Even though I have a few ideas of how lighting can be set up, the process is always a matter of trial and error because location and light conditions are always different. Using flash inevitably takes longer than simply sticking to natural light, so when the meal is taking place I don’t use the time to relax. I’ll be off hunting for locations and quickly testing lighting with waiters or waitresses so I can quickly move the couple into position when they’re ready. When a couple wants these types of images they know they will take a little longer so that’s not a problem, although I work at a naturally fast pace which always helps.
What was the idea behind this shot?
In this image the groom is a professional footballer, and both he and the bride are stylishly dressed. Their wedding overall wasn’t traditional, so I wanted the photography to be highly stylised to mirror that. It was in central Manchester, so we headed out onto the street to take advantage of the urban backdrop and iconic textured red brick walls.
The shot is made up of three main elements – the location, the pose and, of course, the lighting. For the pose I wanted the groom to be strong and masculine so he was square on to the camera. Having the bride standing this way wouldn’t be flattering, so I asked her to stand at an angle which was more feminine and reinforced the overall ‘cool’ look of the two people.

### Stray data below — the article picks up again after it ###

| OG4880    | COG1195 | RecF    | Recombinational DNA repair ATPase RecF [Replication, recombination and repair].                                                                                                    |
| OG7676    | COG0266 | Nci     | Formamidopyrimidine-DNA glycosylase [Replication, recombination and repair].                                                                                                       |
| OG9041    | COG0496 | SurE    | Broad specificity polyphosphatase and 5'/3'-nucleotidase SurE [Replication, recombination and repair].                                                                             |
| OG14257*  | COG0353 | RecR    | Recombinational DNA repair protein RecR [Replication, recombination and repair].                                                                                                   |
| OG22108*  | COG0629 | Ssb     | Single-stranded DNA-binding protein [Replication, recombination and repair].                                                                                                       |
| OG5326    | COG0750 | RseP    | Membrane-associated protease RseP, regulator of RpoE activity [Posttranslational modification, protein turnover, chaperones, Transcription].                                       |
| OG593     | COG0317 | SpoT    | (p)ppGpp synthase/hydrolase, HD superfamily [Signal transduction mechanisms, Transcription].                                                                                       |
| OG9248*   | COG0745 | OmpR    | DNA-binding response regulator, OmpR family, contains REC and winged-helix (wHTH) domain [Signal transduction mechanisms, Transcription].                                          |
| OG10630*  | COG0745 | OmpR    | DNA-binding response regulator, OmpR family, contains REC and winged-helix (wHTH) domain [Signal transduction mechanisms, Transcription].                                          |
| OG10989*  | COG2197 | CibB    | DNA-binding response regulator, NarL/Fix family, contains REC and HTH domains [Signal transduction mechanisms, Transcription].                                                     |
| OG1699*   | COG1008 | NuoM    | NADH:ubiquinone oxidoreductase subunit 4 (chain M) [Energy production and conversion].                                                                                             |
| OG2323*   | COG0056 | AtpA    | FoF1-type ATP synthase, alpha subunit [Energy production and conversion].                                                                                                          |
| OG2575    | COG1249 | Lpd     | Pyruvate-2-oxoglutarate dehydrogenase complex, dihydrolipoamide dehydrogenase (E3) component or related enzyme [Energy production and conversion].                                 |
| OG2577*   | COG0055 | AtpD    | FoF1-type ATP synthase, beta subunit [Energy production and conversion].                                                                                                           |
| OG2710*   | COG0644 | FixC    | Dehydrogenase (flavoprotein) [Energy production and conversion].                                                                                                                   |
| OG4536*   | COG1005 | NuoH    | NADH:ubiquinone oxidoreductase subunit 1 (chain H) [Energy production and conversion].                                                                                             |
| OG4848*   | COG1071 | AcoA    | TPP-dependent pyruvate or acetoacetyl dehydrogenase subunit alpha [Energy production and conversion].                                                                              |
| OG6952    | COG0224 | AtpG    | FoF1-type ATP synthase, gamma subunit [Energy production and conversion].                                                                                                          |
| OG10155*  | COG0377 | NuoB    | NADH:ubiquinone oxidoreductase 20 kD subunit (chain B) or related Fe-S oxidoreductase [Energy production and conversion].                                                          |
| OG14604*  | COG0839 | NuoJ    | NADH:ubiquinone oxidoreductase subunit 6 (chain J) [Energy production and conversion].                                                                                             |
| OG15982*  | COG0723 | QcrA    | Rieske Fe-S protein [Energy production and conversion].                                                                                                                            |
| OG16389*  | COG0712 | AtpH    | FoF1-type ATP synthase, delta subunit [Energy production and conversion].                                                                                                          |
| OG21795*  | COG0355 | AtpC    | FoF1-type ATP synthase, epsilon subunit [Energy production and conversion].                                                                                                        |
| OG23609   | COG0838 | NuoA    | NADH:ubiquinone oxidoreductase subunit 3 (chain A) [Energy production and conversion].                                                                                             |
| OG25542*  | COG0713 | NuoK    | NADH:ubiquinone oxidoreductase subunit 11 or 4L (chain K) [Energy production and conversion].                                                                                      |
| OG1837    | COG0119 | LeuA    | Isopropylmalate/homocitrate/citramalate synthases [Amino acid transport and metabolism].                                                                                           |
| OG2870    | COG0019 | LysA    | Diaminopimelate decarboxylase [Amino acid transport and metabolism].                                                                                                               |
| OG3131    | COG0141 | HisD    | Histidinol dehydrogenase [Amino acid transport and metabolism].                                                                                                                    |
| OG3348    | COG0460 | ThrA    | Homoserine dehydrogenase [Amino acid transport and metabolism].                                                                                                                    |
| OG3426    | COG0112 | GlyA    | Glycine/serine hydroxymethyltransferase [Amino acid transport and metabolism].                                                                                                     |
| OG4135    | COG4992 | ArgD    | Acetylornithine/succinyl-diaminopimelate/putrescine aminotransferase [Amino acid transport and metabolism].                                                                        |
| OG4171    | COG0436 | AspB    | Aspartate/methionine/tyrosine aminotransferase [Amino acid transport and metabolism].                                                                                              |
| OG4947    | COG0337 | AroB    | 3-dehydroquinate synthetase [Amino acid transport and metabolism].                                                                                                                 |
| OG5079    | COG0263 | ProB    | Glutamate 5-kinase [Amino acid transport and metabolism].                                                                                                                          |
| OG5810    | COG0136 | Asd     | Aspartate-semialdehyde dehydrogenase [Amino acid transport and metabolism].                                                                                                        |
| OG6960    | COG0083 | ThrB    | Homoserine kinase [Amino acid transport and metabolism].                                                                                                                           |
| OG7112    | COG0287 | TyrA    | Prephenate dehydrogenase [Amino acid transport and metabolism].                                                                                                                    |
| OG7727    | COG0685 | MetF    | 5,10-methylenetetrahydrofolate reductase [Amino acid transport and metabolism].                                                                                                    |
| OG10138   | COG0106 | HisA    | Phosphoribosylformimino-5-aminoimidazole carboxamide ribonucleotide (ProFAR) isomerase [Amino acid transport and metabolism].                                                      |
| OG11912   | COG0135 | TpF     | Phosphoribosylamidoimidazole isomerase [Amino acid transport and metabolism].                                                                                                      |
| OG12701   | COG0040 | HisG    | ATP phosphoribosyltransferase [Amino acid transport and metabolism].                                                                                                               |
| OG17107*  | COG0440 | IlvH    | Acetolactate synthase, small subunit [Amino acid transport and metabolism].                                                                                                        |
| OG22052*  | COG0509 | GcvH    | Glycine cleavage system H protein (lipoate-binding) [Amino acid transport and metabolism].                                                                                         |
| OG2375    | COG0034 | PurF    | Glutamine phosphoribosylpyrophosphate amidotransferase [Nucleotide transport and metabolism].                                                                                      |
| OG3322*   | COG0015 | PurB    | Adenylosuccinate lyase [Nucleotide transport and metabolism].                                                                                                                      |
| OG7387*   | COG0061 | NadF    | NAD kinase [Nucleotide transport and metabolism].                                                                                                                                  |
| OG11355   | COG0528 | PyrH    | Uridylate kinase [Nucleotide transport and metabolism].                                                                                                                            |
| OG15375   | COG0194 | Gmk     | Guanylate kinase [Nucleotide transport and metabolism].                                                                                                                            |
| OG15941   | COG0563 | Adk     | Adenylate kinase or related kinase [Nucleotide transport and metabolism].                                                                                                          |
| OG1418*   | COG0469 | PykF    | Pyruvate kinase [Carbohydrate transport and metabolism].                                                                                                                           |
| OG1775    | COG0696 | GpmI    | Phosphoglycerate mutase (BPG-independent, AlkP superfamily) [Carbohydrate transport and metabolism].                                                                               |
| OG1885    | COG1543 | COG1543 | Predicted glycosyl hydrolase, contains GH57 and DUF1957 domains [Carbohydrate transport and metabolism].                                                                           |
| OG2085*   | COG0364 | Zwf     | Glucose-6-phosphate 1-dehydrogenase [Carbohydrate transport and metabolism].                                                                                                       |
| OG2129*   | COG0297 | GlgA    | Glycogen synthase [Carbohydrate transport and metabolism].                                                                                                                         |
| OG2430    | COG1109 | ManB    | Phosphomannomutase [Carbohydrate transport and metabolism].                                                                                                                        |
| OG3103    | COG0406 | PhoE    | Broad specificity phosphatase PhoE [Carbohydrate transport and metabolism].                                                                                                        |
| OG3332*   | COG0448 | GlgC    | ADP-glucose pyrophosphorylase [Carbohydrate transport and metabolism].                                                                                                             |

With the lighting I positioned it to flatter the bride, but had to be careful that neither person cast a shadow over the other. I underexposed the background and then brought the light in to create the spotlight effect you see here. Again, it was all part of creating a cool image of a stylish young couple. To control the lighting I generally use subject to light distance, and aperture. I tend to leave the power output alone, simply because it would slow me down, but I only work this way for wedding photography.
What was the idea behind this shot?
The location of this wedding was very traditional; there was a beautiful building with amazing gardens. While walking around the garden we found this strange corner with the trees creating the strong lines. The couple weren’t sure about the shot, so I had to reassure them that it would work. Making sure the couple was comfortable was really important in this situation.
How did you light the shot?
I positioned one light behind the couple to create the strong backlighting, and another in front to lift the shadows and avoid the couple falling into silhouette. The battery pack was between me and the couple with cables visible, so I had to clone these out afterwards.
What time of day do you prefer?
Although the B2s can overpower daylight, I prefer to take these types of shots in the early evening. The exact time depends entirely on the time of year. In spring and autumn this will be after the meal, and in the summer it’s better to wait until after the first dance. Not only is it easier for me to achieve the results I’m aiming for at this time, people will have eaten and had a few drinks so they’re generally more relaxed.
How do you keep your work fresh?
I constantly push myself creatively and aim to keep improving. I attend one or two workshops a year, and even if they’re aimed more at my commercial work they still inform my wedding photography. As a wedding photographer you cover documentary, lifestyle, portraiture and product photography, so you have to be multiskilled. I get bored easily, so if I go to a venue I’ve shot at before I always try to find new locations, unless the couple ask for specific images they’ve seen in my portfolio.
As featured in Professional Photo magazine, issue 123.
Visit James' website to see more of his work.